Effects of Feedback on Willingness to Seek Help --
The purpose of this study was to find out if type of feedback affected willingness to seek help. It was hypothesized that those given positive feedback would be more willing to ask for help and would ask more questions than those given neutral or negative feedback. Forty-eight participants were taught an origami figure by the experimenter. The participants were given feedback based on their desk position, and then they were given a new figure to make independently. Help seeking behavior was measured by whether or not a question was asked, how many questions were asked, and type of question asked. No significant differences were found. Suggestions for further research are made.
Effects of Authority Figures and Peers on Cheating --
Rachelle Ver Steeg & Seth Shannon
This study examined if authority or peer influence had a greater effect on cheating. Participants were paired with either an authority or peer confederate and given a memory test. While checking their answers, the confederate suggested they cheat. The number of participants who cheated was counted and how tempted they felt was measured. The hypothesis was there would be a higher rate of cheating in the authority condition, but there was actually significantly more cheating in the peer condition. Temptation was not found to be significantly different between conditions. Future research into quantity of cheating and prevention of cheating is suggested. The results have implications for curtailing cheating, as well as how people are influenced in general.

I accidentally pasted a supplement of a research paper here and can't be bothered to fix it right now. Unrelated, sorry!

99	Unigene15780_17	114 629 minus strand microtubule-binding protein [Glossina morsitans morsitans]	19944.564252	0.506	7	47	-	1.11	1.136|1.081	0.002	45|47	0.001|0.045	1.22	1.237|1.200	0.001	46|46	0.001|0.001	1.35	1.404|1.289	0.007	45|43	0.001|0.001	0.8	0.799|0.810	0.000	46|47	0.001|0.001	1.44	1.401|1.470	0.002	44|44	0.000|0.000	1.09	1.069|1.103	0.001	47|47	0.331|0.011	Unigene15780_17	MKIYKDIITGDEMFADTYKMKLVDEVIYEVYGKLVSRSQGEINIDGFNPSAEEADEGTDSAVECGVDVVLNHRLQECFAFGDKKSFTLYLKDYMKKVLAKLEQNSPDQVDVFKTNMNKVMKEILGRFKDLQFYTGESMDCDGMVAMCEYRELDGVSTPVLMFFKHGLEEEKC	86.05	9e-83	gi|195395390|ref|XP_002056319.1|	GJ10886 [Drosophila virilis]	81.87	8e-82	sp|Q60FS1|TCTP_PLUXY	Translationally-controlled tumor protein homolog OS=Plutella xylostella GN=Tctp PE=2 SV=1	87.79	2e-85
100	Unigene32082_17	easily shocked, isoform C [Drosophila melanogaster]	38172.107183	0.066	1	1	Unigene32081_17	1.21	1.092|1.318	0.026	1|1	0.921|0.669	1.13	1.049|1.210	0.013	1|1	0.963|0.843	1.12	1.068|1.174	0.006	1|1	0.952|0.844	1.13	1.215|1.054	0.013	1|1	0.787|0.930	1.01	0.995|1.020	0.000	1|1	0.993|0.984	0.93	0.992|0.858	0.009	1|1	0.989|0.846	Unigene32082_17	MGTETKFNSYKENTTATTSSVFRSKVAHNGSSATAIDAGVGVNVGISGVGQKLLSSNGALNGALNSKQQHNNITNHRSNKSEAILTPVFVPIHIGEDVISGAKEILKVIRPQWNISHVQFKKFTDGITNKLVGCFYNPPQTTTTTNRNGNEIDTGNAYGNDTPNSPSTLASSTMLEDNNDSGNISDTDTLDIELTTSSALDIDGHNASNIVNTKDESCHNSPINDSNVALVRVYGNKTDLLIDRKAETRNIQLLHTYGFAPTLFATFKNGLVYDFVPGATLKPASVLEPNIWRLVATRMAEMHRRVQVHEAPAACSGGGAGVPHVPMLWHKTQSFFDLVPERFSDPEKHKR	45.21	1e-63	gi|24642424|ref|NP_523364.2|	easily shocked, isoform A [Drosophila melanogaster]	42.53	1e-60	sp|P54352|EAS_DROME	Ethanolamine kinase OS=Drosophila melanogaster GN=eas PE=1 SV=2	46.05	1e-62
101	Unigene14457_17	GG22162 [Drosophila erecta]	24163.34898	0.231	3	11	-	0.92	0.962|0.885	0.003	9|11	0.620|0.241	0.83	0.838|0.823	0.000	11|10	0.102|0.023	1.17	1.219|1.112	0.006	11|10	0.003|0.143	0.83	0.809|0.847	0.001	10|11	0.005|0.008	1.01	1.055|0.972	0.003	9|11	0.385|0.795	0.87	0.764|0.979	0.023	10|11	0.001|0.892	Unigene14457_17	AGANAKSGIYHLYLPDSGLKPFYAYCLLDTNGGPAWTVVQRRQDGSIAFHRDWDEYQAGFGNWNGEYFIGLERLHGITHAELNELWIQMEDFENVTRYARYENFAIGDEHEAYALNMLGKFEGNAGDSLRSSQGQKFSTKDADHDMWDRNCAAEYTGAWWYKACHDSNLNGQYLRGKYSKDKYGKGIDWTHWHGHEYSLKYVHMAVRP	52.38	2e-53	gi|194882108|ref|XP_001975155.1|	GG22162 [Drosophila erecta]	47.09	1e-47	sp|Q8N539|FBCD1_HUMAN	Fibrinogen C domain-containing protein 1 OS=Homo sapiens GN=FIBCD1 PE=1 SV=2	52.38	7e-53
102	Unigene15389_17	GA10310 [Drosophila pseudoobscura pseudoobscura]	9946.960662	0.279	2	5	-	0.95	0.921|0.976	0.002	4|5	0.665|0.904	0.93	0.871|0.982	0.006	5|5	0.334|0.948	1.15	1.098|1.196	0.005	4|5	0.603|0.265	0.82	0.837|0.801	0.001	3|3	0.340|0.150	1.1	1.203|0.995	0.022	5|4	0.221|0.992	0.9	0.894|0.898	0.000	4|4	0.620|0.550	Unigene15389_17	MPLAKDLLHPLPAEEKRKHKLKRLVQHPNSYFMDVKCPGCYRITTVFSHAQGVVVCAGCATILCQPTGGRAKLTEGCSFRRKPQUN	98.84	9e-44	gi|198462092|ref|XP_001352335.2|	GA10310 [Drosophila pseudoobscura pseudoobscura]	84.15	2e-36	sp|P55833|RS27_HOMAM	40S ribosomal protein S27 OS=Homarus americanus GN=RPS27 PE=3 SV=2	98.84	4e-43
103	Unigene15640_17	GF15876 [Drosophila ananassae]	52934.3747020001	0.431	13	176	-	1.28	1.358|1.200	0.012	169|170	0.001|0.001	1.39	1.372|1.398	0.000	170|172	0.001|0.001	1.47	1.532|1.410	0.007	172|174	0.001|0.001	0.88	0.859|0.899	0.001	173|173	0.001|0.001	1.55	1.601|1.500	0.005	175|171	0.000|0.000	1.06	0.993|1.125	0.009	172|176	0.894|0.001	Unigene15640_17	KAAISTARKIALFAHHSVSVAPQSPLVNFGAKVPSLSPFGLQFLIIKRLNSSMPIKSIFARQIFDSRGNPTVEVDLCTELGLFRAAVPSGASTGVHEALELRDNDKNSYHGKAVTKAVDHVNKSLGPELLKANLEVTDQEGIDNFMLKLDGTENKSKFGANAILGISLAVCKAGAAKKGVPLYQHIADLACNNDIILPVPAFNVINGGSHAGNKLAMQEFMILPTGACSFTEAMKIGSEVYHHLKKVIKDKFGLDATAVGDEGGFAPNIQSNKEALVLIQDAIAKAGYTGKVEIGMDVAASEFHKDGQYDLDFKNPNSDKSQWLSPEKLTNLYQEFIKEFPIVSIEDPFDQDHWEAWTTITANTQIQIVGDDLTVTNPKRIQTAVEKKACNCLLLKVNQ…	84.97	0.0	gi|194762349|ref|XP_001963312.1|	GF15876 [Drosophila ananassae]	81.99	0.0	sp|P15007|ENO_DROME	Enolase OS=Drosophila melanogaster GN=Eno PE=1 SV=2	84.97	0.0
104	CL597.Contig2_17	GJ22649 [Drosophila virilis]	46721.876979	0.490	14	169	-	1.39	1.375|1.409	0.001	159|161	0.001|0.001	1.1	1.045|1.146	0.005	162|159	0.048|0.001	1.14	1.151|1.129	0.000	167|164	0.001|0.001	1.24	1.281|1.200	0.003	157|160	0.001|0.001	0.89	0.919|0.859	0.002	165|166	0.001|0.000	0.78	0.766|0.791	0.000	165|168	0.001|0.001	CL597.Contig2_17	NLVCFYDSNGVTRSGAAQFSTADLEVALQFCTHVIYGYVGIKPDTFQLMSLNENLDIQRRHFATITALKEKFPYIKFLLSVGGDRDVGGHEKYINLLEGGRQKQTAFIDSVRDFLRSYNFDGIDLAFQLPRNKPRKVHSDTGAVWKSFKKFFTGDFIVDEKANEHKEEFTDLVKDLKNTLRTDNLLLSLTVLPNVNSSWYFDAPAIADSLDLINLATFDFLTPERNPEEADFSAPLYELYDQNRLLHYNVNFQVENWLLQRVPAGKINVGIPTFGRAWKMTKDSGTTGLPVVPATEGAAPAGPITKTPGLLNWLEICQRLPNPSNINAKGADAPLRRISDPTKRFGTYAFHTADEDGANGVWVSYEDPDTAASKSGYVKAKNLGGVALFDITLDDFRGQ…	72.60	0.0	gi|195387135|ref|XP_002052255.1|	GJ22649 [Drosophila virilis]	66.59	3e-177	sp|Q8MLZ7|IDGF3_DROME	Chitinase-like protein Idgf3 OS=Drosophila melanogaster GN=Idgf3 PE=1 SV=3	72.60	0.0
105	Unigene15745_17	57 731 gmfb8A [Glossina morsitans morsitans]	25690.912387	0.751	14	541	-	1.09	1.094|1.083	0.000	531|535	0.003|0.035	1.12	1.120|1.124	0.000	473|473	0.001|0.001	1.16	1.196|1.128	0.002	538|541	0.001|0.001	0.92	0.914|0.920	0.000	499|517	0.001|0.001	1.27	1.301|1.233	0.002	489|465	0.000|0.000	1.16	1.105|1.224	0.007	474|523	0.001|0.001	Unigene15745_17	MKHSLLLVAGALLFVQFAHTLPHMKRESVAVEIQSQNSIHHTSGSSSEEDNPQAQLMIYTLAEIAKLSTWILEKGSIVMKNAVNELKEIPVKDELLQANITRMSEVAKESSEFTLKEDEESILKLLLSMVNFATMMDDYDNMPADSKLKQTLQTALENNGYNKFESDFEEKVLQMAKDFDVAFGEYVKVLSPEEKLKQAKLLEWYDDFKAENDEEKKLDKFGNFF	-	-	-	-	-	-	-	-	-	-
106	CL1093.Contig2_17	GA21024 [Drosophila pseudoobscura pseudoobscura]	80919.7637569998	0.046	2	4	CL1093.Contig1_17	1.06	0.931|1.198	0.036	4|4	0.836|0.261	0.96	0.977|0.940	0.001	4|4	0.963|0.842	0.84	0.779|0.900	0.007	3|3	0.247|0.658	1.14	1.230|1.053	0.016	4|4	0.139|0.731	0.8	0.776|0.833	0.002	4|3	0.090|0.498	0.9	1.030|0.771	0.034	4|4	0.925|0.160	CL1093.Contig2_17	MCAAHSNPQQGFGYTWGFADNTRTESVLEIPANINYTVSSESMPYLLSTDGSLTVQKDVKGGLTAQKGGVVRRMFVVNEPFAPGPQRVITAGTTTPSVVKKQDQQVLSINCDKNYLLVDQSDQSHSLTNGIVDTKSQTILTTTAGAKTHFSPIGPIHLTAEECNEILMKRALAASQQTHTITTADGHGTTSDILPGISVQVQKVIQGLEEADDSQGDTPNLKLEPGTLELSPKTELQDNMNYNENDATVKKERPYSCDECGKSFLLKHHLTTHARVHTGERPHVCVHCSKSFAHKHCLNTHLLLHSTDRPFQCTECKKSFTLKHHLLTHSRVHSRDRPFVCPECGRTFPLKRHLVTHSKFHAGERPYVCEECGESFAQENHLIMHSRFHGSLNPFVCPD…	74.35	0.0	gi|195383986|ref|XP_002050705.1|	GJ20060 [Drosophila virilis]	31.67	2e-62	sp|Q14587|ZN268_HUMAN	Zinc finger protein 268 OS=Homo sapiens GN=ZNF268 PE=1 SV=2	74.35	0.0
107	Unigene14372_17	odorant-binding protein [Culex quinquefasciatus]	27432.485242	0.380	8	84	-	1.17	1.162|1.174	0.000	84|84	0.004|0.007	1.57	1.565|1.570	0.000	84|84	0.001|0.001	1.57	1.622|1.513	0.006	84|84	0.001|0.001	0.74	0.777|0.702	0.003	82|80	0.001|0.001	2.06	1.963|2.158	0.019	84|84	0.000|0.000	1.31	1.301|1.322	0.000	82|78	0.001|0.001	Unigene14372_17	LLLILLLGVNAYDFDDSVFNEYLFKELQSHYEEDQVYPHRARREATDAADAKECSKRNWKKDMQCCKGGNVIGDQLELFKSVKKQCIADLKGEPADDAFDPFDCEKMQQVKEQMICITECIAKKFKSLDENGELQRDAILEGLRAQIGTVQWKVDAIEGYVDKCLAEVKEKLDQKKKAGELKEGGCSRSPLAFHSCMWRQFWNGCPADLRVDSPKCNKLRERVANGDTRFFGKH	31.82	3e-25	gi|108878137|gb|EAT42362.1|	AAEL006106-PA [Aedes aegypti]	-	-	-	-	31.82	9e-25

Effects of Music and Time of Day on Personal Space --
Karissa Stel & Jordan Gaiser
This study researched the effects of music and time of day on personal space. Fifty-three students were randomly assigned to either music or no music conditions in the morning or afternoon. Personal space was defined as the distance between the chair the participant chose and the chair that appeared occupied. The results showed no significant effects of music, time of day, or interaction between the two on personal space. The study then looked at the phenomenon of people choosing a chair that had a table or another chair between themselves and the “occupied” chair. Further research should continue to look at individuals’ use of these “buffers” in settings with strangers. Implications of this research can be used when designing waiting rooms.